Gopal Krishna GokhaleGopal Krishna Gokhale was one of the pioneers of the Indian Independence Movement. Gokhale was a senior leader of the Indian National Congress. He was one of the most learned men in the country, a leader of social and political reformists and one of the earliest and founding leaders of the Indian Independence Movement. Being one of the first generations of Indians to receive college education, Gokhale was respected widely in the Indian intellectual community.

Gopal Krishna Gokhale was born in Kothluk in Ratnagiri District, Maharastra. His parents, Krishna Rao and Valubai. Gokhale received his early education at Rajaram High School in Kothapur and later, in 1884 moved to Bombay to receive higher education.

Gokhale was reportedly, one of the first Indians to complete graduation. In 1884, after the completion of his graduation in arts at the Elphinstone College, Bombay, Gokhale joined as professor of history and political economy at the Fergusson College, Poona. He remained on the staff, finally as principal, until 1902. Becoming actively identified with the National Congress movement, he was for some years the joint secretary and in 1905 president at the Benares session. The higher education made Gokhale understand the importance of liberty, democracy and parliamentary system of the government.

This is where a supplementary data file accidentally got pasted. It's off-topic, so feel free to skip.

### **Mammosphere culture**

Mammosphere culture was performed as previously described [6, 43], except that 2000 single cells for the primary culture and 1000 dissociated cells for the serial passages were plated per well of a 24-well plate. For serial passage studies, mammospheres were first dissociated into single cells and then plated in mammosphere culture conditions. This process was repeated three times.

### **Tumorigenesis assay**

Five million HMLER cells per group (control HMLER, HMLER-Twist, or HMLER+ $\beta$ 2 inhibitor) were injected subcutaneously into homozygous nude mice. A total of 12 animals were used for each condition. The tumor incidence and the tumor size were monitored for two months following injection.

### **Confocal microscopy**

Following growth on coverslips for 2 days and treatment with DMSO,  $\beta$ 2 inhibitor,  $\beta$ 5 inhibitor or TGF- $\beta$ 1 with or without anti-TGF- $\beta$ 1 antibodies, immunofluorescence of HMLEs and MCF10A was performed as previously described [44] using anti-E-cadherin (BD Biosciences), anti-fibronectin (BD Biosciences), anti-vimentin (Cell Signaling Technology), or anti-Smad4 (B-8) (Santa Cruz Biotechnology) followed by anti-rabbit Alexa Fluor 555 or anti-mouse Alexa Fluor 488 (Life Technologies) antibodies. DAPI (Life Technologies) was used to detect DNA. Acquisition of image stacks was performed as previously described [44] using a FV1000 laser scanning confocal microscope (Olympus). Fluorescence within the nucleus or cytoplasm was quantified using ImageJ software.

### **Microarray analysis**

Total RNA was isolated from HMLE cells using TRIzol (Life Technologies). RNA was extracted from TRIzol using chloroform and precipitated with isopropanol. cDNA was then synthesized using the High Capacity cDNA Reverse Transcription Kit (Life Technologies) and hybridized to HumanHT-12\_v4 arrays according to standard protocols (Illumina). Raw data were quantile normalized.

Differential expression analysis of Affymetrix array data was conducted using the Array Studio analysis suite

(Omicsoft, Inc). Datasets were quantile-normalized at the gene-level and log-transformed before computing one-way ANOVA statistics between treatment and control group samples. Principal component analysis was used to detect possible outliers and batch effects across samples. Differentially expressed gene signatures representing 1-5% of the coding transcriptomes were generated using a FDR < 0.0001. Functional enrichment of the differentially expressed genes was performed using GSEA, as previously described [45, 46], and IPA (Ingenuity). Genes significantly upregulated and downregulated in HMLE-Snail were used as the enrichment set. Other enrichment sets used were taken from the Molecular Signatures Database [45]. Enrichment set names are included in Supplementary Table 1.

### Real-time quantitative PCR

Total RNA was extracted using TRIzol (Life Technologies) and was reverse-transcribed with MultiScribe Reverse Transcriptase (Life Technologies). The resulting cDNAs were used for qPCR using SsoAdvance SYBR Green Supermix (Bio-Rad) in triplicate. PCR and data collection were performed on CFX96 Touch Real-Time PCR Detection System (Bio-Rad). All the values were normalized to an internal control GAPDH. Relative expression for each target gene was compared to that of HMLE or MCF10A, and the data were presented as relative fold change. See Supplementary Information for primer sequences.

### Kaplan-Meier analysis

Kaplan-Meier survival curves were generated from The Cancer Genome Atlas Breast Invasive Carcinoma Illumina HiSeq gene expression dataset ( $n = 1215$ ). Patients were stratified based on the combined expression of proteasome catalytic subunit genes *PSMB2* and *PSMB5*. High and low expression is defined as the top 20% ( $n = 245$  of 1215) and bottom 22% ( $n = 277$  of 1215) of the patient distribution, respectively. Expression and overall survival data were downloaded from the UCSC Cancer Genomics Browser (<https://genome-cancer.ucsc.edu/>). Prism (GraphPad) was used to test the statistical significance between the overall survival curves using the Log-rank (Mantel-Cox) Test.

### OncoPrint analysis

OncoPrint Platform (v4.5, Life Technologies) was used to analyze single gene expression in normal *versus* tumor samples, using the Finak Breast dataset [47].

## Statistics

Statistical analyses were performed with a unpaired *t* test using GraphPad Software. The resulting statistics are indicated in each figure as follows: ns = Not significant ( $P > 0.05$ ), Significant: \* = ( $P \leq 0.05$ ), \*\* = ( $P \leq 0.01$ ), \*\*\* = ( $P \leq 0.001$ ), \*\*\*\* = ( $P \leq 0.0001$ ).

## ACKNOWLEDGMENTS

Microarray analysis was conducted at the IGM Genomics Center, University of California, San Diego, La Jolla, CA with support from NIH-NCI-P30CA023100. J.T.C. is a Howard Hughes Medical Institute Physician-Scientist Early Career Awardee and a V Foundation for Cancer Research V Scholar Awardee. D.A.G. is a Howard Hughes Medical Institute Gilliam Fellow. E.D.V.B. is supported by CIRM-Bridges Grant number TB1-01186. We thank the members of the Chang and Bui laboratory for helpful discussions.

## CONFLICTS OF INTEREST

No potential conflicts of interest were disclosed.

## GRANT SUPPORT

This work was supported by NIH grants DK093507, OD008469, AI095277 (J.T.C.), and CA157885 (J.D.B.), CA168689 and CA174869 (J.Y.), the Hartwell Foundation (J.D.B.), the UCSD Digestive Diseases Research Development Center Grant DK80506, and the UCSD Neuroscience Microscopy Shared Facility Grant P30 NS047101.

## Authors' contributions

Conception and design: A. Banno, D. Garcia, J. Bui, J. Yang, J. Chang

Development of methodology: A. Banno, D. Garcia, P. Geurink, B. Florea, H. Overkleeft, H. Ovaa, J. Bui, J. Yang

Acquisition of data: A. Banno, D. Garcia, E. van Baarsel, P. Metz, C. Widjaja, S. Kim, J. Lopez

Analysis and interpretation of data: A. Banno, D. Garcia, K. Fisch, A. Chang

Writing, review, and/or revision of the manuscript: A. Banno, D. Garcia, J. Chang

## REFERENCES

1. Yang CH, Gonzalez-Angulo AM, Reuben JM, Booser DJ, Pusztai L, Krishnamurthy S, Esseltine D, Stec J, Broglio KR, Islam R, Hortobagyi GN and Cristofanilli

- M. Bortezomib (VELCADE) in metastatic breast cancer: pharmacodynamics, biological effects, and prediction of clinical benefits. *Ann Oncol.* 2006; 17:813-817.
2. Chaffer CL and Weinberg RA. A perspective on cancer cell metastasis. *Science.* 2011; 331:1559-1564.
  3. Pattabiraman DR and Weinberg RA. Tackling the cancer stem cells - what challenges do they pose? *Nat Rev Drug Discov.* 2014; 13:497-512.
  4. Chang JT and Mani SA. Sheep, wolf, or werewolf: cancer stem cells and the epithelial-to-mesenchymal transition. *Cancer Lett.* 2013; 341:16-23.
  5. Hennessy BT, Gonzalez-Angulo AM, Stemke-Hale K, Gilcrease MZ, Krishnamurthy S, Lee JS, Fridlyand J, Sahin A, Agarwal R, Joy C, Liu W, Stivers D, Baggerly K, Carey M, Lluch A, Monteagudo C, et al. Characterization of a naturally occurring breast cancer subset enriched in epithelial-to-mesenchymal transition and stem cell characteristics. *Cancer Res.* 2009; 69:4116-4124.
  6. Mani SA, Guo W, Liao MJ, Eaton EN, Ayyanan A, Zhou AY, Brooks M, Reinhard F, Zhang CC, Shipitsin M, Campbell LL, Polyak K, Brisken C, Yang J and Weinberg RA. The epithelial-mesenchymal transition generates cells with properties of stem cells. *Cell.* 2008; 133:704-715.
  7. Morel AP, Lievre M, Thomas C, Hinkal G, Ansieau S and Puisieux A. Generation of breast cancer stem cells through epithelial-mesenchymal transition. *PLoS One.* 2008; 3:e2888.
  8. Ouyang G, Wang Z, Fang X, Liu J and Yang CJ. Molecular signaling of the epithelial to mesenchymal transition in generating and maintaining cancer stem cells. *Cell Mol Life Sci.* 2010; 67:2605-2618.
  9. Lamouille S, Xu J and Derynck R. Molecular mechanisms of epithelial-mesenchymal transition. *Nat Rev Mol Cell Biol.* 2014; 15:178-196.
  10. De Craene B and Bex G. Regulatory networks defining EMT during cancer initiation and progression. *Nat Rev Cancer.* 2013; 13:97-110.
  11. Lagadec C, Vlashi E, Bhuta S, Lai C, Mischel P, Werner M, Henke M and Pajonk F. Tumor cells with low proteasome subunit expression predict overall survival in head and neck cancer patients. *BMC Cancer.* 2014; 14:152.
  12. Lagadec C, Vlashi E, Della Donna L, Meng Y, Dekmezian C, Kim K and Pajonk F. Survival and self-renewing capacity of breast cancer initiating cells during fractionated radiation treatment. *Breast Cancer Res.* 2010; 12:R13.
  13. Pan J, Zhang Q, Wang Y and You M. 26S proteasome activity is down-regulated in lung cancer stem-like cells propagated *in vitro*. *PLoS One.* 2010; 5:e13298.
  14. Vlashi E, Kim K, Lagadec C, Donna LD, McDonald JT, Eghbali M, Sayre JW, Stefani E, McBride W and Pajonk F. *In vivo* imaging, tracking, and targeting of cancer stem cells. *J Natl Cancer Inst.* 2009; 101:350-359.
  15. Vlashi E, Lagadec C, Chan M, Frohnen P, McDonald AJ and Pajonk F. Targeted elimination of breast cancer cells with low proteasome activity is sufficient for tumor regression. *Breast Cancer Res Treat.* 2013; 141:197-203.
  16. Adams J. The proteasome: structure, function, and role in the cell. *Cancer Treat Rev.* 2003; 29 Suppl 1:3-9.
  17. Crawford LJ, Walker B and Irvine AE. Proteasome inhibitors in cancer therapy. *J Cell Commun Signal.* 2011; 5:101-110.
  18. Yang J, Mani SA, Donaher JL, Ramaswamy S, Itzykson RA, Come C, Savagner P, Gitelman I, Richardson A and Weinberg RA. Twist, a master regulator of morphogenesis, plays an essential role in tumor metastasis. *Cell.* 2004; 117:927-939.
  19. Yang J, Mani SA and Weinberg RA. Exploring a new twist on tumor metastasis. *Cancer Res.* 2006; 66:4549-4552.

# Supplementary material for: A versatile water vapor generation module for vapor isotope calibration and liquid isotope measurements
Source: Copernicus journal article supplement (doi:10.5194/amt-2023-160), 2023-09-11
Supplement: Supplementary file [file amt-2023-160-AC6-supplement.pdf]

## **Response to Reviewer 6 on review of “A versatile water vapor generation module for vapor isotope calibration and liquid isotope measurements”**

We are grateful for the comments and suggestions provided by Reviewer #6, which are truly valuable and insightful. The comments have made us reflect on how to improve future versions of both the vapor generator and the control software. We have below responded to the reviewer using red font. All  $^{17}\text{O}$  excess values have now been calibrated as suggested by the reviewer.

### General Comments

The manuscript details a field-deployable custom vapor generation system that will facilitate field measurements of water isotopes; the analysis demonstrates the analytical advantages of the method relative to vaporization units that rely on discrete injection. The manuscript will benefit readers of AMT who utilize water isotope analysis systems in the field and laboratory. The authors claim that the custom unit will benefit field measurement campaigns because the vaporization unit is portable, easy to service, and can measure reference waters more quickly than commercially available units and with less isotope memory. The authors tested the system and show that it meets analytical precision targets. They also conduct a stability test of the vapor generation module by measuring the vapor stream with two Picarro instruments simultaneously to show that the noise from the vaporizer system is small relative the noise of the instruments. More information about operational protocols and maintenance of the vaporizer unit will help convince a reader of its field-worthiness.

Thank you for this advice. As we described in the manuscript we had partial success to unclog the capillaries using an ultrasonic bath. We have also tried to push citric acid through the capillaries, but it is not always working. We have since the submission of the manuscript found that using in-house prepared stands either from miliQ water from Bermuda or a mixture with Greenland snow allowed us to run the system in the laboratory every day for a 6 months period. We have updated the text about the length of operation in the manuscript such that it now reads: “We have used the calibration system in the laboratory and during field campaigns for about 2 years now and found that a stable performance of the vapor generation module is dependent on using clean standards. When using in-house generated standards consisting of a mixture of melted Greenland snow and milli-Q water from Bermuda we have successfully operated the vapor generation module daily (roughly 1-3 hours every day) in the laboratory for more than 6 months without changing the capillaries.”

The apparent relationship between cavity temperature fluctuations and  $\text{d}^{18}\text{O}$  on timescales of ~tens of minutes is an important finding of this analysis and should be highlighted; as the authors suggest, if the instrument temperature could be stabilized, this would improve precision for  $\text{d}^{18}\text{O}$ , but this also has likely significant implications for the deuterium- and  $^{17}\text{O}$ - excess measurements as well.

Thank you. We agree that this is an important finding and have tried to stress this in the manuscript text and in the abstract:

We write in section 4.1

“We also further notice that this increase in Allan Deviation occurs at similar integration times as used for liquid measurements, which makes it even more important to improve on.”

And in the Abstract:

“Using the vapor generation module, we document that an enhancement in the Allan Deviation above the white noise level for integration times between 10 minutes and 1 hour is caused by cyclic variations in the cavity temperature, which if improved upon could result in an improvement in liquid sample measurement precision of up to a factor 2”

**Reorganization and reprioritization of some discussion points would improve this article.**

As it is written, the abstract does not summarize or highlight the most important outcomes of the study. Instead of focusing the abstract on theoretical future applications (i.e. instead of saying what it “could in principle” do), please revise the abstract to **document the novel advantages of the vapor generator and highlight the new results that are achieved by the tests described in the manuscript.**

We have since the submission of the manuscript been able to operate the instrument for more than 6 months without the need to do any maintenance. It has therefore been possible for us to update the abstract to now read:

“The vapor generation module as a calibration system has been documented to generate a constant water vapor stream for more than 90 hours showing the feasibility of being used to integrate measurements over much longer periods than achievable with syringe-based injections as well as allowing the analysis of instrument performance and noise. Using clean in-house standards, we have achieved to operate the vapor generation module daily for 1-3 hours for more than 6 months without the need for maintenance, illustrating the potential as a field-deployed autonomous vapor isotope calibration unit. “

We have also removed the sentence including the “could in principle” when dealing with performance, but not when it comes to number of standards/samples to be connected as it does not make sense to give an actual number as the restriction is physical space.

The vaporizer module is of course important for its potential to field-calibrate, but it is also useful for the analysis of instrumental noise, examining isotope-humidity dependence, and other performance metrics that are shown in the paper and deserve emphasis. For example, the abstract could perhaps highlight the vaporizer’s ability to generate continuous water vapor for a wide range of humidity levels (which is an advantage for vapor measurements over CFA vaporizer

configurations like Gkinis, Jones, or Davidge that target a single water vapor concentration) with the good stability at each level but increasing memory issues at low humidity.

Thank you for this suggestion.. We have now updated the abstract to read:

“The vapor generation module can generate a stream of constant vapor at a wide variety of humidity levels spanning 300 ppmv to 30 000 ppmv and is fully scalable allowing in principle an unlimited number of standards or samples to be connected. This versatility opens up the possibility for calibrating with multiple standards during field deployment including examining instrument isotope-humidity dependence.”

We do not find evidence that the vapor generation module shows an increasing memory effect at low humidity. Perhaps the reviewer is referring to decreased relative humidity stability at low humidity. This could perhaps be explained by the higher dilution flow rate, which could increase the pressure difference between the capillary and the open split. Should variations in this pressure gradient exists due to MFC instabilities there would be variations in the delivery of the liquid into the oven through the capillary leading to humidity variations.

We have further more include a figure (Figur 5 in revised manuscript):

In 1985-86, Gopal Krishna Gokhale met a great scholar and a social reformer Mahadev Govind Ranade. Ranade was a great leader, judge, scholar and above all social reformer. He regarded Mahadev Govinda Ranade as his “Guru”. Ranade helped Gokhale in establishing the “Servants of India Society” in 1905. The main objective of this society was to train Indians to raise their voices and serve their country. Gokhale also worked with Ranade in a quarterly Journal, called “Sarvajanik”. The Journal wrote about the public questions of the day in frank and fearless manner.

Gokhale was the secretary of the “Reception Committee” of the 1895 Poona session of Indian National Congress. From this session, Gokhale became a prominent face of the Indian National Congress. For a while Gokhale was a member of the Bombay Legislative Council where he spoke strongly against the then Government.
Gopal Krishna Gokhale
Gokhale dedicated his life to the advancement of the nation’s welfare. In 1905, Gokhale was sent by the Congress on a special mission to England to spread India’s constitutional demands among the British leaders.

Gokhale was instrumental in the formation of the Minto-Morley Reforms of 1909, which was tabled and eventually transformed into law. But unfortunately, the Reforms Act became law in 1909 and it was disappointing to see that despite Gokhale’s efforts, the people were not given a proper democratic system. However, Gokhale’s efforts were clearly not in vain. Indians now had access to seats of the highest authority within the government, and their voices were more audible in matters of public interest.

Gokhale, during his visit to South Africa in 1912, met Mohandas Karamchand Gandhi, popularly known as Mahatma Gandhi. Gokhale made him aware of the issues confronting common people back in India. In his autobiography, Gandhi calls Gokhale his “mentor and guide”. Not only Gandhi, Gokhale also guide Muhammad Ali Jinnah, the founder of Pakistan. Jinnah later aspired to become the “Muslim Gokhale”.